1. Look for patterns
“Notice the reasons behind the choices you’re making,” says Sarah-Jane Holt, performance nutritionist at Matt Roberts. “So many of us make food choices in reaction to an emotion – if we have had a bad day, feel stressed or unhappy we’ll go for a glass of wine, chocolate or a meal that we might consider a treat.”
Spotting the link will allow you to address this. “Next time this situation arises, see if you can create some space between the emotion and the reaction. Once you know why you want to make a certain food choice, think about how it will make you feel afterwards and allow yourself to become more aware of the choice.” Ready to accept that sugar crash for the sake of a brief high? Well, if you’re sure it’s worth it…
2. Stave off urges
It’s easier to avoid the temptation of waistline-expanding treats if your stomach isn’t growling. “To help appetite control it’s a good idea to make sure you are getting enough protein in your diet,” says Holt. “It’ll help you feel fuller for longer. Step two is to stay hydrated – drink two to three litres of water a day to avoid mistaking thirst for hunger.” This even works in the short term – if you’re desperate for a Mars bar, promise yourself you’ll have it if you still want it after a Granny Smith and a glass of sparkling water. Once you get them down, you’ll usually find the urge subsides.
3. Rethink meal prep
A few tweaks to the way you put meals together can make the difference between serious fat loss and failure. “Invest in proper food containers,” suggests Sam Yassin, managing director of Back2Fitness. “Single-serving sizes will make carrying your own healthy lunch easier. Set a phone reminder so you don’t forget to take your carefully prepared meals with you – and always shop with a list to avoid temptation.” Keep a note or email draft on your phone with your preferred recipes or ingredients so it’s always accessible.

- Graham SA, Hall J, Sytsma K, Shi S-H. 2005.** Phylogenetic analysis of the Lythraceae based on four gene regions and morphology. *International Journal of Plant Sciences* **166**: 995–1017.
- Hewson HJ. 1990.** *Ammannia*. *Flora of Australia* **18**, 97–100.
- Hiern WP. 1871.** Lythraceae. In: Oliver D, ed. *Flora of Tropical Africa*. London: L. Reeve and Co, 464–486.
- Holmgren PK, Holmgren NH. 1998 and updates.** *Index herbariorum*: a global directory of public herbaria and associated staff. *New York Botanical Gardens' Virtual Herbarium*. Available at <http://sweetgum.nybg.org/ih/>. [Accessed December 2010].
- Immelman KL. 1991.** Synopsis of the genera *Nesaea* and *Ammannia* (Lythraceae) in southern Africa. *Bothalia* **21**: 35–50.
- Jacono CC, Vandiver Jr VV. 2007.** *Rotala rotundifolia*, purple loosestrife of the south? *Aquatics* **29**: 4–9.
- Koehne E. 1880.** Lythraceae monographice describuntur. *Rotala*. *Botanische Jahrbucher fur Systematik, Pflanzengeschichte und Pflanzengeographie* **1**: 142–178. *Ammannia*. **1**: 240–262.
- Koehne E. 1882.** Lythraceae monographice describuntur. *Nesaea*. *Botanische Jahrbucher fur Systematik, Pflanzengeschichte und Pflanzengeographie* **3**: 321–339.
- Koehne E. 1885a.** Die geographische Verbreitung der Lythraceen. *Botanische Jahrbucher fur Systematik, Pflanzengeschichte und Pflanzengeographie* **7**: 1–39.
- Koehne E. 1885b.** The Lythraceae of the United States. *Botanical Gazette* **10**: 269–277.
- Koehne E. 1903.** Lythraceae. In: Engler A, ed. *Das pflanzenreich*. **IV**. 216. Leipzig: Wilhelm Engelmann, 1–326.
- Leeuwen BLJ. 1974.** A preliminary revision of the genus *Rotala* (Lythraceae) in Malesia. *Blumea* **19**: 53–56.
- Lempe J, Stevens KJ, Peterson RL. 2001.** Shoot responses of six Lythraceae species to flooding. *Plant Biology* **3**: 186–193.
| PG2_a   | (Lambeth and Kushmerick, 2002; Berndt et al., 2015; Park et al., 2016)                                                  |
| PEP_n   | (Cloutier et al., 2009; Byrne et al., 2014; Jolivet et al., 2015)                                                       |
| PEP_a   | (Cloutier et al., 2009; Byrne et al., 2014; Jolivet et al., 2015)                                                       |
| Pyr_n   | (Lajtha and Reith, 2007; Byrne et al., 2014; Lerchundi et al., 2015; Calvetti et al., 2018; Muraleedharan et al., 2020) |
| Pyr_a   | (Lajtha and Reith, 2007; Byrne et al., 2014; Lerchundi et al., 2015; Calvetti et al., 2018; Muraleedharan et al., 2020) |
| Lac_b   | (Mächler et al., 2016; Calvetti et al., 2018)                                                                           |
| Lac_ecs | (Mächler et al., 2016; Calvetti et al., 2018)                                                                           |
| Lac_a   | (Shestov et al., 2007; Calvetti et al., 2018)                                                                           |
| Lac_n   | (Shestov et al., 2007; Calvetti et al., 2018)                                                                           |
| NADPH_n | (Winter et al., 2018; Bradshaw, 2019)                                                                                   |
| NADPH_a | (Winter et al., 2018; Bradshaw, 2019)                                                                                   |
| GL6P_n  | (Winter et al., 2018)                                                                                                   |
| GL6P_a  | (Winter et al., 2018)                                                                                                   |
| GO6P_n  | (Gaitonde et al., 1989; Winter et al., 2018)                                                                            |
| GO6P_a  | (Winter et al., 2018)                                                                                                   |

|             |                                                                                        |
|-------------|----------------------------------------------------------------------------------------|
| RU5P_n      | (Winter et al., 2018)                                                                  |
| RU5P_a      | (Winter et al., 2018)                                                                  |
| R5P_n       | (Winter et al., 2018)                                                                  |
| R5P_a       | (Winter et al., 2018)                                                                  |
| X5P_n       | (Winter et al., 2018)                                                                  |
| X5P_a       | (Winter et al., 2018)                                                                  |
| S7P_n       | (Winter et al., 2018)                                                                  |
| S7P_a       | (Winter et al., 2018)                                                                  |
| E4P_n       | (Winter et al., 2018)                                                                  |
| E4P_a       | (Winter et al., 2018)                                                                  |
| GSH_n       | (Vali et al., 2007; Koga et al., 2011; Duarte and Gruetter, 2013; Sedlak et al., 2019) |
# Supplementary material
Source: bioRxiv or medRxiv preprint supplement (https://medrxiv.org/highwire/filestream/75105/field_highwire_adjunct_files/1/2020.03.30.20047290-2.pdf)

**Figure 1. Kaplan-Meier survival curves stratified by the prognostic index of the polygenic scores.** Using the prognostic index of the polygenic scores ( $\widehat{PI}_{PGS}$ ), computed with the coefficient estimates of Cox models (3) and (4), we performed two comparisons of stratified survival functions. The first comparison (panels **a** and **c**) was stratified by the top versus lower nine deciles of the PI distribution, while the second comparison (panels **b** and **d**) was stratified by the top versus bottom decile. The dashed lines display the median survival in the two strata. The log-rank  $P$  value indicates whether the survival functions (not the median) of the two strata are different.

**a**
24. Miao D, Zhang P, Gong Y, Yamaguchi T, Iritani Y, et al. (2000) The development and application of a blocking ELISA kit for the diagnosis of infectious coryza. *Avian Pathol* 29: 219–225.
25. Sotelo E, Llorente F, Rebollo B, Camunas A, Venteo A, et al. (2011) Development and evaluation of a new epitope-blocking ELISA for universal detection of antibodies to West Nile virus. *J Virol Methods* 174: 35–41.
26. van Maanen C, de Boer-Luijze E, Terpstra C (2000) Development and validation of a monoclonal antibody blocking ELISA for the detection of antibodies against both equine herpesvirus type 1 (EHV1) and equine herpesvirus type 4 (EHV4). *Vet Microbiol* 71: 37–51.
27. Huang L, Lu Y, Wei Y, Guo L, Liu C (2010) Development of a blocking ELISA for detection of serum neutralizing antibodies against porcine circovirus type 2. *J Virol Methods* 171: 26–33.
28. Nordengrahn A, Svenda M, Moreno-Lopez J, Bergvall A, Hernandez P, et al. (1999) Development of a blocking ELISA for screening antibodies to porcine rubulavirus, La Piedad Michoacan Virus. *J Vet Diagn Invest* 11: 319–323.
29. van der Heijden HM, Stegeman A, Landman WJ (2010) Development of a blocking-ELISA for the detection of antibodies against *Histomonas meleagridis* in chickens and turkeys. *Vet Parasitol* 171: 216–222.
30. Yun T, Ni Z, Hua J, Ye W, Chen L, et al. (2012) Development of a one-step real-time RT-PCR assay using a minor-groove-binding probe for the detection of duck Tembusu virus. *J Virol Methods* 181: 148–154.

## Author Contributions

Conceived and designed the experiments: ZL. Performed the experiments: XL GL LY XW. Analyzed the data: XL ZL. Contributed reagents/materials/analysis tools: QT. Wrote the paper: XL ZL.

4. Chew your food
It sounds a bit “my granny used to tell me…” but chewing your food thoroughly does lead to better nutrient absorption – and it also prevents overeating. In a 2014 study, researchers found that one group of volunteers ate 88 fewer calories simply by slowing down – but they still felt less hungry at the end of their meals, partly thanks to the release of appetite-regulating hormones. Most studies indicate 40 chews per mouthful is ideal, but there’s no serious need to count – just chew your food until it’s an easy-to-swallow mulch.
5. Retool your kitchen
No, there’s no need for an expensive refit – just rethink your habits. In a study from Cornell University in the US, families who self-served their food from the oven top or counter ate 19% less than those who took their food at the table – even bowls with lids reduced second helpings. If you want to step it up, get smaller plates: another Cornell study found that people using bigger bowls, glasses and ice-cream scoops served themselves more food. Reverse all this for vegetables, salad and anything else you’re aiming to eat more of.
6. Eliminate distractions
Mindfulness doesn’t have to mean meditation. “Try to sit down without any distractions and just focus on the food you are eating – that means no social media or box sets,” says Holt. “Pay attention to when you start to feel full – this may be before your plate is clear. Try to notice when you stop enjoying the meal quite as much as when you started, and when the enjoyment starts to fall away stop eating. Just being aware of these signals can help you avoid overeating.”